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Review: Nikon D750 full-frame DSLR
4.4Overall Score

Price (RRP): $2400 (roughly); Nikon does not release RRPs;
Manufacturer: Nikon

Professional cameras tend to cost an arm and a leg, but Nikon’s D750 tries to find a middle ground for less than $2500, packing in 24 megapixels, WiFi, and a body that makes it feel like a real camera.


Another entry in Nikon’s long running “D” series of cameras, the D750 takes what Nikon knows about full-frame technology and applies it to a mid-range camera, or a mid-range enthusiast semi-pro camera as the case appears to be with this one.

The specs are likely too long to go into given the size of this camera, so we’ll get into another of them as we can, starting with the sensor, and for that, Nikon is relying on a 24.9 megapixel full-frame CMOS sensor, measuring 35.9mm x 24mm, the same size of a 35mm roll of film (hence the term “full-frame”).

Because there’s a full-frame sensor being used here, Nikon’s “FX” format for lenses is also being called on. Despite this, the D750 is compatible with DX lenses, though you’ll only get the centre rectangle of the sensor to work with and changing that roughly 36×24 frame to something more like 24×16.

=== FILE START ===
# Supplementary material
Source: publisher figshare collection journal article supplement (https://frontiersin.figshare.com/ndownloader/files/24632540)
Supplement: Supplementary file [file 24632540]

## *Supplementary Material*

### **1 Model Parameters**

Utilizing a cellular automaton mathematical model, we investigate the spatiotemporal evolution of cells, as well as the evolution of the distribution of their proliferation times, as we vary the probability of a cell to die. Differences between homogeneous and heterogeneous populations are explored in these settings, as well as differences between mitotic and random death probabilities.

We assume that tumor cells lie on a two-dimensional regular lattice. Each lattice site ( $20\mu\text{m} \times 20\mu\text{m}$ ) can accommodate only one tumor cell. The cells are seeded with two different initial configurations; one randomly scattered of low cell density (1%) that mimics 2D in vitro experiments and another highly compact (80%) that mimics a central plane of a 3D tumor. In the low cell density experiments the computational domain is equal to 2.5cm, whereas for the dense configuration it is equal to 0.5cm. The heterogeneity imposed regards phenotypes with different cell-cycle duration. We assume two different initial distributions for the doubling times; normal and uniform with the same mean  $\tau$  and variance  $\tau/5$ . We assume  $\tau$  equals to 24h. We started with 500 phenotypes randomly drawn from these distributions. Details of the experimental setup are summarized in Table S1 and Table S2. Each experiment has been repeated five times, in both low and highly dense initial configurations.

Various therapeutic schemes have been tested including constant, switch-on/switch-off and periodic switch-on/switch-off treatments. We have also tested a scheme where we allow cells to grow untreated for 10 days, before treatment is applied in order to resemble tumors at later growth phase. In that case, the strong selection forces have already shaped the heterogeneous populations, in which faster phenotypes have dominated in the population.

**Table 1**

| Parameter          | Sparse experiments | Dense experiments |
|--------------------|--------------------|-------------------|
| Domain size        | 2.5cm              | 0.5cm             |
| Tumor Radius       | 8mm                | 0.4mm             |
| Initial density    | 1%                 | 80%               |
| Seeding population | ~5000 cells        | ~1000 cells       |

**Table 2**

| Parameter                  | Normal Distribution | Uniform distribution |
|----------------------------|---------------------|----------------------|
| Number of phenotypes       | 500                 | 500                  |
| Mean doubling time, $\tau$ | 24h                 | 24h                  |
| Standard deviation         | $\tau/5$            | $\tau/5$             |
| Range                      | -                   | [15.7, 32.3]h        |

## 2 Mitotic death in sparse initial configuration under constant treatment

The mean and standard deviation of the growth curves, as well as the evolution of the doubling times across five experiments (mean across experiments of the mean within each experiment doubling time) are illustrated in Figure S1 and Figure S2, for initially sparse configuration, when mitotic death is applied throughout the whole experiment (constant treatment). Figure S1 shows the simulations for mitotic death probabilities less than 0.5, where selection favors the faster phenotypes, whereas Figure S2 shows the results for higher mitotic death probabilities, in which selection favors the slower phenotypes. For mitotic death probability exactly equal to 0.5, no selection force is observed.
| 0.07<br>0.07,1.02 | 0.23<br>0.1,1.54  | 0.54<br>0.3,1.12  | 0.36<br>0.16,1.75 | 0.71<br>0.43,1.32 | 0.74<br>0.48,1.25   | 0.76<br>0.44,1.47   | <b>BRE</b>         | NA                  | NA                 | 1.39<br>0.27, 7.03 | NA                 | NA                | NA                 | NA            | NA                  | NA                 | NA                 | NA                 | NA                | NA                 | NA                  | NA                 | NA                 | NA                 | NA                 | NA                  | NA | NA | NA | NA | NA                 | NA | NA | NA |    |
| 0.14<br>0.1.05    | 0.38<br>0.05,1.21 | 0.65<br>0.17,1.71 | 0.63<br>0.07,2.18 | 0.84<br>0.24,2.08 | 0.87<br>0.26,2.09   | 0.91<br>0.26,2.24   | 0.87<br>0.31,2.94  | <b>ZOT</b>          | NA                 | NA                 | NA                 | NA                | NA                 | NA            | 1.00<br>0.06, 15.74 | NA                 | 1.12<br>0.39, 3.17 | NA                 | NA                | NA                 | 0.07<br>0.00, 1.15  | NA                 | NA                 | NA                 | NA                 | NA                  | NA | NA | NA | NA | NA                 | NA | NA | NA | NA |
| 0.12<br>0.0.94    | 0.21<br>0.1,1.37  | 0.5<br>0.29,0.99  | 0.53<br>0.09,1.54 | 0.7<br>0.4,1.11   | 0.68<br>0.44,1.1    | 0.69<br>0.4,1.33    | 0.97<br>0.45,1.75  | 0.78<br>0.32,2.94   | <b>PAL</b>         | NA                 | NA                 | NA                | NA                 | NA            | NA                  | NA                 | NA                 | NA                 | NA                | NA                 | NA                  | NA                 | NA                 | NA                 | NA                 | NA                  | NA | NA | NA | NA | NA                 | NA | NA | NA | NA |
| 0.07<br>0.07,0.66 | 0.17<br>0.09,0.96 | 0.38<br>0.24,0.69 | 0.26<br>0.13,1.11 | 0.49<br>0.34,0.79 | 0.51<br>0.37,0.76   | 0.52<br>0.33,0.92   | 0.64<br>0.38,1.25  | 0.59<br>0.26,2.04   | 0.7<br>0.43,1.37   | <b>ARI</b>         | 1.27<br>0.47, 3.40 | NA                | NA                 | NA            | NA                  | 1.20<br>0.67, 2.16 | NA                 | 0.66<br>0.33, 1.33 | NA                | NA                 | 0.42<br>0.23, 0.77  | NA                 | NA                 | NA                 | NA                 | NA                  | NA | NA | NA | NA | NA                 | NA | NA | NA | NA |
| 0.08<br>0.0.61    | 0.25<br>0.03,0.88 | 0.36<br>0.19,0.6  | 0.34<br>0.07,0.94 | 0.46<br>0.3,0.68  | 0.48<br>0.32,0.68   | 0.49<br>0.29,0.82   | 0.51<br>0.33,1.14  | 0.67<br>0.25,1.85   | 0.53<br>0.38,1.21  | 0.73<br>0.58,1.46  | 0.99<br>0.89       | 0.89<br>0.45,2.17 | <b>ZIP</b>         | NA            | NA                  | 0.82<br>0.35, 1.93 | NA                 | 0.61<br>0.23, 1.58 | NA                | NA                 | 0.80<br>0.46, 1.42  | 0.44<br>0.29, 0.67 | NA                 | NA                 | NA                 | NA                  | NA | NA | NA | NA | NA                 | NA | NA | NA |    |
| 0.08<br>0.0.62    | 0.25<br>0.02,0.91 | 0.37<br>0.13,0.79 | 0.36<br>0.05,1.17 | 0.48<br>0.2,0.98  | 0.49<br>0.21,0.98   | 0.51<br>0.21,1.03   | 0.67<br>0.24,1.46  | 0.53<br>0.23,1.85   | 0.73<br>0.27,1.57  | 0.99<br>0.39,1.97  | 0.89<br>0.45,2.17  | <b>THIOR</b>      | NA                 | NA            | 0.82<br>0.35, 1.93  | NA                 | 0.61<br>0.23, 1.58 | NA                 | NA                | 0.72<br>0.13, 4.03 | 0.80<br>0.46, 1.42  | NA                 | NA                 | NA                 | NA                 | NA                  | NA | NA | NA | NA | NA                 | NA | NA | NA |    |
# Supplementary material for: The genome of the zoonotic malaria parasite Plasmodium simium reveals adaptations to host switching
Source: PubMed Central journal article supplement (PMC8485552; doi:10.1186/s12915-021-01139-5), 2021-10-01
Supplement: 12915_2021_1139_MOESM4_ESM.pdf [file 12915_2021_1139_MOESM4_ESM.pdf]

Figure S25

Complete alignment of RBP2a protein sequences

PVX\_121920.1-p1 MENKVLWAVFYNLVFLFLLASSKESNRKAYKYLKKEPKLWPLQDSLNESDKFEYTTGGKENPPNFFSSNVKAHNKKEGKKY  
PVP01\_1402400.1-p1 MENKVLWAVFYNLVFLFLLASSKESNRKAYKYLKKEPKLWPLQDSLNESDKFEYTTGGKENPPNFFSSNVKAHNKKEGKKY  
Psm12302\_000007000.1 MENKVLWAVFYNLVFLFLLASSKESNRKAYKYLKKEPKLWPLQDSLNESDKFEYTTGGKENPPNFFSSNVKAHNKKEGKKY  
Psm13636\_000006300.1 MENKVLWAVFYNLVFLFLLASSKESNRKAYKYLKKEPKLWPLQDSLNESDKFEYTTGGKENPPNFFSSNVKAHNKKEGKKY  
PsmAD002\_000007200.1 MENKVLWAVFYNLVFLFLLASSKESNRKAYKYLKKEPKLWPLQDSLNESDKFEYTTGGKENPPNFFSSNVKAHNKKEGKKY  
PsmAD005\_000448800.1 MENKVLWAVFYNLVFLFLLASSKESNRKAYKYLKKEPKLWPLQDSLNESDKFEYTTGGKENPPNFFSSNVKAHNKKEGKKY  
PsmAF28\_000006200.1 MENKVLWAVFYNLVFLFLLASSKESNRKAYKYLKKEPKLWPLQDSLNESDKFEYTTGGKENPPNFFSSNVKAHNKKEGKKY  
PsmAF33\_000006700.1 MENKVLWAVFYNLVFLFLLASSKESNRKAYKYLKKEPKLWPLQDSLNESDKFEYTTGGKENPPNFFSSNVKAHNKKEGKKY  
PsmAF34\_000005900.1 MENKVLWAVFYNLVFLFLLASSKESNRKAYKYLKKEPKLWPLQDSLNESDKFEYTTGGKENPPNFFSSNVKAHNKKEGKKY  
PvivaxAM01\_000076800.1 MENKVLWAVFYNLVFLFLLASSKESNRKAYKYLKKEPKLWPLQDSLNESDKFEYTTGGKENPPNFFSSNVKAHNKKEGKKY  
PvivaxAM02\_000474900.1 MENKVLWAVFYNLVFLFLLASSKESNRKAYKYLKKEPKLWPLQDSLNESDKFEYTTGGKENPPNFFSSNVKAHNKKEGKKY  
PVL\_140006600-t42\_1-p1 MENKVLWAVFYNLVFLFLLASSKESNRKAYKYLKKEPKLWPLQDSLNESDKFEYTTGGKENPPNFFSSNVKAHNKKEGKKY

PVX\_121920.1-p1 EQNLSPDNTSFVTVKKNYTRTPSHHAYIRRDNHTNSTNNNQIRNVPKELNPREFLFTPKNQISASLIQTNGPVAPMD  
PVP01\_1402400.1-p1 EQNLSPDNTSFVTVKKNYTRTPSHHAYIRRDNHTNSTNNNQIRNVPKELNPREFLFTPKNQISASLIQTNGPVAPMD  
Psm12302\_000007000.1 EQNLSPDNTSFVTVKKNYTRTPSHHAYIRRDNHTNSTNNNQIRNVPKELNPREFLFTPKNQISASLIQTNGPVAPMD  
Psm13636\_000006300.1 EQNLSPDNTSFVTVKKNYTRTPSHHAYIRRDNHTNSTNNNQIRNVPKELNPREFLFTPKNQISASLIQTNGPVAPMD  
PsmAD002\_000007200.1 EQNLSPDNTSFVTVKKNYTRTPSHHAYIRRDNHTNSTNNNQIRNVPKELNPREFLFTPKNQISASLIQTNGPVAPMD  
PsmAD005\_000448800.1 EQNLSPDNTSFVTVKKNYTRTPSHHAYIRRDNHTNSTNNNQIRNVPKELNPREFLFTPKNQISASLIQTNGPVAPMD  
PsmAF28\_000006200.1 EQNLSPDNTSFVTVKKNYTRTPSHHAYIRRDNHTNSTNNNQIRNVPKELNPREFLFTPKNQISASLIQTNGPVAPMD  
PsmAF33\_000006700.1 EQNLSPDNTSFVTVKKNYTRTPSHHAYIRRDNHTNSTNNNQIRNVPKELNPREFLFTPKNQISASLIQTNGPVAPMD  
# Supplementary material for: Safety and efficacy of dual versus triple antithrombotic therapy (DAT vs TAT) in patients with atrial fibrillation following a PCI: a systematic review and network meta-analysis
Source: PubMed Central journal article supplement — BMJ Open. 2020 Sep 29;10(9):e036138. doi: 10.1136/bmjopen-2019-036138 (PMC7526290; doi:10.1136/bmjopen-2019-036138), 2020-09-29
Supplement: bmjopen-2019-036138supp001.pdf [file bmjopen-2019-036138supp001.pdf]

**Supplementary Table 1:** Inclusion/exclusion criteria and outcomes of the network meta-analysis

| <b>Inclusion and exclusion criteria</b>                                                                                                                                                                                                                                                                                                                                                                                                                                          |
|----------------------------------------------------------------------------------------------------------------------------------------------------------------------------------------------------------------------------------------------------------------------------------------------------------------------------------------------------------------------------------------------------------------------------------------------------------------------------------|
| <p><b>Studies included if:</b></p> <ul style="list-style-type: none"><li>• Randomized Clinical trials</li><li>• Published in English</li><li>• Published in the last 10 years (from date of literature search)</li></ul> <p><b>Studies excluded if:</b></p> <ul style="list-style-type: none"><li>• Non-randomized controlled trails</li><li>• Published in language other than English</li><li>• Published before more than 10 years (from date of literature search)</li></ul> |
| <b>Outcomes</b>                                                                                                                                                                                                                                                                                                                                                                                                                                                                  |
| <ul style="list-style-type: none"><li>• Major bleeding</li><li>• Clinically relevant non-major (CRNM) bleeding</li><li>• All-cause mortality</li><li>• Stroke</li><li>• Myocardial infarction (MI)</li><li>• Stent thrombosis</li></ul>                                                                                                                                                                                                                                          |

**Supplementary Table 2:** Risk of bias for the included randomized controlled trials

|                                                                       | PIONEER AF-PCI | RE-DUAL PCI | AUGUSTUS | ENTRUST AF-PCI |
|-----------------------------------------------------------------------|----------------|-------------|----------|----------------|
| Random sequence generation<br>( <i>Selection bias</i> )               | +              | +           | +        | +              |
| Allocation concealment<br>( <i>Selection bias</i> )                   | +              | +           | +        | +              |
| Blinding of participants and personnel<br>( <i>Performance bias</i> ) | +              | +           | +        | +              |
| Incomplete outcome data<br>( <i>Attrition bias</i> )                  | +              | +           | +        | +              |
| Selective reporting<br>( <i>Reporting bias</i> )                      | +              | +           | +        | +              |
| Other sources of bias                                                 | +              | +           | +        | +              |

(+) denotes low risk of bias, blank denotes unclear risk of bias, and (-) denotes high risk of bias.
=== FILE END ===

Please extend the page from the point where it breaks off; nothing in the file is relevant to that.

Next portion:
While Nikon is dabbling with mirrorless technologies in its “1” series of cameras, the D750 follows the mirror-box designs used in previous digital and film bodies, with a single-lens mirror reflex system and an optical viewfinder. Alongside the optical viewfinder offering 100% coverage, you’ll find a 3.2 inch vari-angle LCD offering the same 100% coverage with just over one million dots of resolution.


Nikon’s D750 continues some of the features found in previous Nikon digitals, such as RAW and JPEG compatibility, 1080p Full HD movie capture, and lots of points of autofocus, with 51 to report of in this camera. Low-light sensitivity caters to a fairly wide range of ISO options, starting with 100 and hitting up to 51200.

A flash is also included in the body, though there is also a hot-shoe at the top of the unit if you ever need to plug in a real flash head unit.

Bracketing options are also provided, as well as numerous buttons that can be made to work with various functions. You will also find a smattering of click wheels and drive controllers, and even scene modes, providing plenty of options for amateurs and professionals alike.


Two SD card slots are also included, allowing files to be written to the cards separately (such as RAW on one, JPEG on the other).

And just to shake things up, WiFi is also found on this device, with an app available for both Apple’s iOS and Google’s Android controlling the camera remotely.

A battery is included with the camera and is charged through a separate battery charge terminal.



It’s been a while since someone handed over a big camera for us to review, and that’s likely because so much of what we see has been replaced with smaller, mirrorless cameras.